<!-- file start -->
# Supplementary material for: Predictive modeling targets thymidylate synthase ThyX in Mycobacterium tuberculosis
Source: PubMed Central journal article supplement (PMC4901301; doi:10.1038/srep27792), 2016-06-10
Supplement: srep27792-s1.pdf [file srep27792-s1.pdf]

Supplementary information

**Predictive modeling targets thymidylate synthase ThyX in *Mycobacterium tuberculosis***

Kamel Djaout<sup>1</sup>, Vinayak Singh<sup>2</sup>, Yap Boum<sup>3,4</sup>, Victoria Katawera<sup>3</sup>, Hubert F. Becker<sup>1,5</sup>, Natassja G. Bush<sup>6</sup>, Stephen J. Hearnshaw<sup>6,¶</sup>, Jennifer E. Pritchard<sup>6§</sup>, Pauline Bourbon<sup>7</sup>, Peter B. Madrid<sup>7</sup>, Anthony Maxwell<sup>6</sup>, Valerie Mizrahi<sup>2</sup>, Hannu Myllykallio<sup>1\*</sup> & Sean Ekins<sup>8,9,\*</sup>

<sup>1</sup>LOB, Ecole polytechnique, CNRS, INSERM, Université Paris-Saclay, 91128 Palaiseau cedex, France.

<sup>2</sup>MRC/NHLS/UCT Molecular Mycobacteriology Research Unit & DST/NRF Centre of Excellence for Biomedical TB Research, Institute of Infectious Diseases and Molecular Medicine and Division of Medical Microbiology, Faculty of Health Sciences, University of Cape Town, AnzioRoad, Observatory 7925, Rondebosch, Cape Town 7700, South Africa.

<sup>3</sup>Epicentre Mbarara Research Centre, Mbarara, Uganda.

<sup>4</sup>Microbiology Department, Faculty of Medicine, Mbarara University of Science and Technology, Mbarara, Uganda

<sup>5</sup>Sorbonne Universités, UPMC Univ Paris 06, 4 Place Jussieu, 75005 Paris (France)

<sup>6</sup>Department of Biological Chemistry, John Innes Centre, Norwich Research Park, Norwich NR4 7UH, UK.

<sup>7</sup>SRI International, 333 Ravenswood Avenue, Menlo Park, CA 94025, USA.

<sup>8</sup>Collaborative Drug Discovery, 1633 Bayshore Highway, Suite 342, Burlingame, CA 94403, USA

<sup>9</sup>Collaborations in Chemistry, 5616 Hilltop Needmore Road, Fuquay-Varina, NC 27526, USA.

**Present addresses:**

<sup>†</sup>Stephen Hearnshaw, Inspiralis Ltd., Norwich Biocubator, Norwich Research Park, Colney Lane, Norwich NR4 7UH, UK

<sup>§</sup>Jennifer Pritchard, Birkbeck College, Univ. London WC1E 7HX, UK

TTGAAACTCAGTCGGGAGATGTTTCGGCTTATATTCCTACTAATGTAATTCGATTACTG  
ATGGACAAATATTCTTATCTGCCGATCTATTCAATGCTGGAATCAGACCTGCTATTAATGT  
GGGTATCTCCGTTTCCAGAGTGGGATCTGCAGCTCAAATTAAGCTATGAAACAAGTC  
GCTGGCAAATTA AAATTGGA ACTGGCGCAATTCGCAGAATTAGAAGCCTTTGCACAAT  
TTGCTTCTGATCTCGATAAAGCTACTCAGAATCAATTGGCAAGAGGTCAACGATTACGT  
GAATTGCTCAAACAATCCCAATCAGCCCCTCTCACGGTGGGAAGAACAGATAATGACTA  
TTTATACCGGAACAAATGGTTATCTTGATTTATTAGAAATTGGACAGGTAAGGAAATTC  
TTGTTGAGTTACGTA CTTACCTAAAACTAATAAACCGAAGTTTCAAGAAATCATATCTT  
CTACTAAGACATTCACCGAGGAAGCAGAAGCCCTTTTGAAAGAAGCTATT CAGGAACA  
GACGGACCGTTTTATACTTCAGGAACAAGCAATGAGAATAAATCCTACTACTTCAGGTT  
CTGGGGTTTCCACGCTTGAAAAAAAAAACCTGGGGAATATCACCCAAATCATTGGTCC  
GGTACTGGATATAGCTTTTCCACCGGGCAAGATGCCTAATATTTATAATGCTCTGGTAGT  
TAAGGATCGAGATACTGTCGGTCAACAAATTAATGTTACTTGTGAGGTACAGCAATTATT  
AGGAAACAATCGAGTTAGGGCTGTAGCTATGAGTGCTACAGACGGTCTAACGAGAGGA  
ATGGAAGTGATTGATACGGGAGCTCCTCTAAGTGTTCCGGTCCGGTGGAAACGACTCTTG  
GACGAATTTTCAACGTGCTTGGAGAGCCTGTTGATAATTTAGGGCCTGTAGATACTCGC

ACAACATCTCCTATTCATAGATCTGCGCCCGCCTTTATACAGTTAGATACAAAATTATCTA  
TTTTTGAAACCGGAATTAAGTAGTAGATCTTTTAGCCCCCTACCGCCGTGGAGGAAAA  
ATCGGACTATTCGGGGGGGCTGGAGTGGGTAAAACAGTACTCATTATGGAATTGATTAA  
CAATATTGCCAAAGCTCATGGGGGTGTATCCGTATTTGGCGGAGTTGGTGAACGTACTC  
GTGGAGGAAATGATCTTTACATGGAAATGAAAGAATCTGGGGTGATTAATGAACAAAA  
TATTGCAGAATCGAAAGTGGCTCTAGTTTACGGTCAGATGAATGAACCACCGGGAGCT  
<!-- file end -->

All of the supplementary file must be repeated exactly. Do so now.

# Supplementary material for: Predictive modeling targets thymidylate synthase ThyX in Mycobacterium tuberculosis
Source: PubMed Central journal article supplement (PMC4901301; doi:10.1038/srep27792), 2016-06-10
Supplement: srep27792-s1.pdf [file srep27792-s1.pdf]

Supplementary information

**Predictive modeling targets thymidylate synthase ThyX in *Mycobacterium tuberculosis***

Kamel Djaout<sup>1</sup>, Vinayak Singh<sup>2</sup>, Yap Boum<sup>3,4</sup>, Victoria Katawera<sup>3</sup>, Hubert F. Becker<sup>1,5</sup>, Natassja G. Bush<sup>6</sup>, Stephen J. Hearnshaw<sup>6,¶</sup>, Jennifer E. Pritchard<sup>6§</sup>, Pauline Bourbon<sup>7</sup>, Peter B. Madrid<sup>7</sup>, Anthony Maxwell<sup>6</sup>, Valerie Mizrahi<sup>2</sup>, Hannu Myllykallio<sup>1\*</sup> & Sean Ekins<sup>8,9,\*</sup>

<sup>1</sup>LOB, Ecole polytechnique, CNRS, INSERM, Université Paris-Saclay, 91128 Palaiseau cedex, France.

<sup>2</sup>MRC/NHLS/UCT Molecular Mycobacteriology Research Unit & DST/NRF Centre of Excellence for Biomedical TB Research, Institute of Infectious Diseases and Molecular Medicine and Division of Medical Microbiology, Faculty of Health Sciences, University of Cape Town, AnzioRoad, Observatory 7925, Rondebosch, Cape Town 7700, South Africa.

<sup>3</sup>Epicentre Mbarara Research Centre, Mbarara, Uganda.

<sup>4</sup>Microbiology Department, Faculty of Medicine, Mbarara University of Science and Technology, Mbarara, Uganda

<sup>5</sup>Sorbonne Universités, UPMC Univ Paris 06, 4 Place Jussieu, 75005 Paris (France)

<sup>6</sup>Department of Biological Chemistry, John Innes Centre, Norwich Research Park, Norwich NR4 7UH, UK.

<sup>7</sup>SRI International, 333 Ravenswood Avenue, Menlo Park, CA 94025, USA.

<sup>8</sup>Collaborative Drug Discovery, 1633 Bayshore Highway, Suite 342, Burlingame, CA 94403, USA

<sup>9</sup>Collaborations in Chemistry, 5616 Hilltop Needmore Road, Fuquay-Varina, NC 27526, USA.

**Present addresses:**

<sup>†</sup>Stephen Hearnshaw, Inspiralis Ltd., Norwich Biocubator, Norwich Research Park, Colney Lane, Norwich NR4 7UH, UK

<sup>§</sup>Jennifer Pritchard, Birkbeck College, Univ. London WC1E 7HX, UK

TTGAAACTCAGTCGGGAGATGTTTCGGCTTATATTCCTACTAATGTAATTCGATTACTG  
ATGGACAAATATTCTTATCTGCCGATCTATTCAATGCTGGAATCAGACCTGCTATTAATGT  
GGGTATCTCCGTTTCCAGAGTGGGATCTGCAGCTCAAATTAAGCTATGAAACAAGTC  
GCTGGCAAATTA AAATTGGA ACTGGCGCAATTCGCAGAATTAGAAGCCTTTGCACAAT  
TTGCTTCTGATCTCGATAAAGCTACTCAGAATCAATTGGCAAGAGGTCAACGATTACGT  
GAATTGCTCAAACAATCCCAATCAGCCCCTCTCACGGTGGGAAGAACAGATAATGACTA  
TTTATACCGGAACAAATGGTTATCTTGATTTATTAGAAATTGGACAGGTAAGGAAATTC  
TTGTTGAGTTACGTA CTTACCTAAAACTAATAAACCGAAGTTTCAAGAAATCATATCTT  
CTACTAAGACATTCACCGAGGAAGCAGAAGCCCTTTTGAAAGAAGCTATT CAGGAACA  
GACGGACCGTTTTATACTTCAGGAACAAGCAATGAGAATAAATCCTACTACTTCAGGTT  
CTGGGGTTTCCACGCTTGAAAAAAAAAACCTGGGGAATATCACCCAAATCATTGGTCC  
GGTACTGGATATAGCTTTTCCACCGGGCAAGATGCCTAATATTTATAATGCTCTGGTAGT  
TAAGGATCGAGATACTGTCGGTCAACAAATTAATGTTACTTGTGAGGTACAGCAATTATT  
AGGAAACAATCGAGTTAGGGCTGTAGCTATGAGTGCTACAGACGGTCTAACGAGAGGA  
ATGGAAGTGATTGATACGGGAGCTCCTCTAAGTGTTCCGGTCCGGTGGAAACGACTCTTG  
GACGAATTTTCAACGTGCTTGGAGAGCCTGTTGATAATTTAGGGCCTGTAGATACTCGC

ACAACATCTCCTATTCATAGATCTGCGCCCGCCTTTATACAGTTAGATACAAAATTATCTA  
TTTTTGAAACCGGAATTAAGTAGTAGATCTTTTAGCCCCCTACCGCCGTGGAGGAAAA  
ATCGGACTATTCGGGGGGGCTGGAGTGGGTAAAACAGTACTCATTATGGAATTGATTAA  
CAATATTGCCAAAGCTCATGGGGGTGTATCCGTATTTGGCGGAGTTGGTGAACGTACTC  
GTGGAGGAAATGATCTTTACATGGAAATGAAAGAATCTGGGGTGATTAATGAACAAAA  
TATTGCAGAATCGAAAGTGGCTCTAGTTTACGGTCAGATGAATGAACCACCGGGAGCT  